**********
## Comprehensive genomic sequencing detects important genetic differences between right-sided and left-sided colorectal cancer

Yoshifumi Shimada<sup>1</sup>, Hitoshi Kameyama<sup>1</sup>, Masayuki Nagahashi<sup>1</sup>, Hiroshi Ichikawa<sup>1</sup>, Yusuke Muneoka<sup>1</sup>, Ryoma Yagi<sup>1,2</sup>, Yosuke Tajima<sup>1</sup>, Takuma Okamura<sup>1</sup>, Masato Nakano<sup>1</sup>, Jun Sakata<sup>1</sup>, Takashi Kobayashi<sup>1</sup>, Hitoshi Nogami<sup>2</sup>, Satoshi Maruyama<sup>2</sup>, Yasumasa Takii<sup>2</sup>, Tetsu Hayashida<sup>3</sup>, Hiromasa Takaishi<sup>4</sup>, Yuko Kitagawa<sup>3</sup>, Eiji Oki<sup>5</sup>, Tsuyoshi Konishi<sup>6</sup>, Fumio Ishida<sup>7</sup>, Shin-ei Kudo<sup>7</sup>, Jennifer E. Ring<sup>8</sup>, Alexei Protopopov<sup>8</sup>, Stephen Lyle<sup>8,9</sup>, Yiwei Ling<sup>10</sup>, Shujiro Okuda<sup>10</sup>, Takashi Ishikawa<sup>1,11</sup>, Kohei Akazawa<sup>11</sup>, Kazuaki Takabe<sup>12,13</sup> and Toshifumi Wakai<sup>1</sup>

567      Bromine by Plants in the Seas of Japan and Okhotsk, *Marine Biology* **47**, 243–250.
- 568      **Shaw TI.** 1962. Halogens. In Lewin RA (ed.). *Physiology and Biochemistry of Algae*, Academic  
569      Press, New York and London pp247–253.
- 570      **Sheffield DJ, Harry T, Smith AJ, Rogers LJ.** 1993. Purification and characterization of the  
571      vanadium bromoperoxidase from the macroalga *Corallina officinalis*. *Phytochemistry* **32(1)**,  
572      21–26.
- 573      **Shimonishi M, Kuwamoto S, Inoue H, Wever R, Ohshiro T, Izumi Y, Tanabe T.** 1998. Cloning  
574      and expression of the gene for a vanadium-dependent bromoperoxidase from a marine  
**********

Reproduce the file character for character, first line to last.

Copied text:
## Comprehensive genomic sequencing detects important genetic differences between right-sided and left-sided colorectal cancer

Yoshifumi Shimada<sup>1</sup>, Hitoshi Kameyama<sup>1</sup>, Masayuki Nagahashi<sup>1</sup>, Hiroshi Ichikawa<sup>1</sup>, Yusuke Muneoka<sup>1</sup>, Ryoma Yagi<sup>1,2</sup>, Yosuke Tajima<sup>1</sup>, Takuma Okamura<sup>1</sup>, Masato Nakano<sup>1</sup>, Jun Sakata<sup>1</sup>, Takashi Kobayashi<sup>1</sup>, Hitoshi Nogami<sup>2</sup>, Satoshi Maruyama<sup>2</sup>, Yasumasa Takii<sup>2</sup>, Tetsu Hayashida<sup>3</sup>, Hiromasa Takaishi<sup>4</sup>, Yuko Kitagawa<sup>3</sup>, Eiji Oki<sup>5</sup>, Tsuyoshi Konishi<sup>6</sup>, Fumio Ishida<sup>7</sup>, Shin-ei Kudo<sup>7</sup>, Jennifer E. Ring<sup>8</sup>, Alexei Protopopov<sup>8</sup>, Stephen Lyle<sup>8,9</sup>, Yiwei Ling<sup>10</sup>, Shujiro Okuda<sup>10</sup>, Takashi Ishikawa<sup>1,11</sup>, Kohei Akazawa<sup>11</sup>, Kazuaki Takabe<sup>12,13</sup> and Toshifumi Wakai<sup>1</sup>

567      Bromine by Plants in the Seas of Japan and Okhotsk, *Marine Biology* **47**, 243–250.
- 568      **Shaw TI.** 1962. Halogens. In Lewin RA (ed.). *Physiology and Biochemistry of Algae*, Academic  
569      Press, New York and London pp247–253.
- 570      **Sheffield DJ, Harry T, Smith AJ, Rogers LJ.** 1993. Purification and characterization of the  
571      vanadium bromoperoxidase from the macroalga *Corallina officinalis*. *Phytochemistry* **32(1)**,  
572      21–26.
- 573      **Shimonishi M, Kuwamoto S, Inoue H, Wever R, Ohshiro T, Izumi Y, Tanabe T.** 1998. Cloning  
574      and expression of the gene for a vanadium-dependent bromoperoxidase from a marine  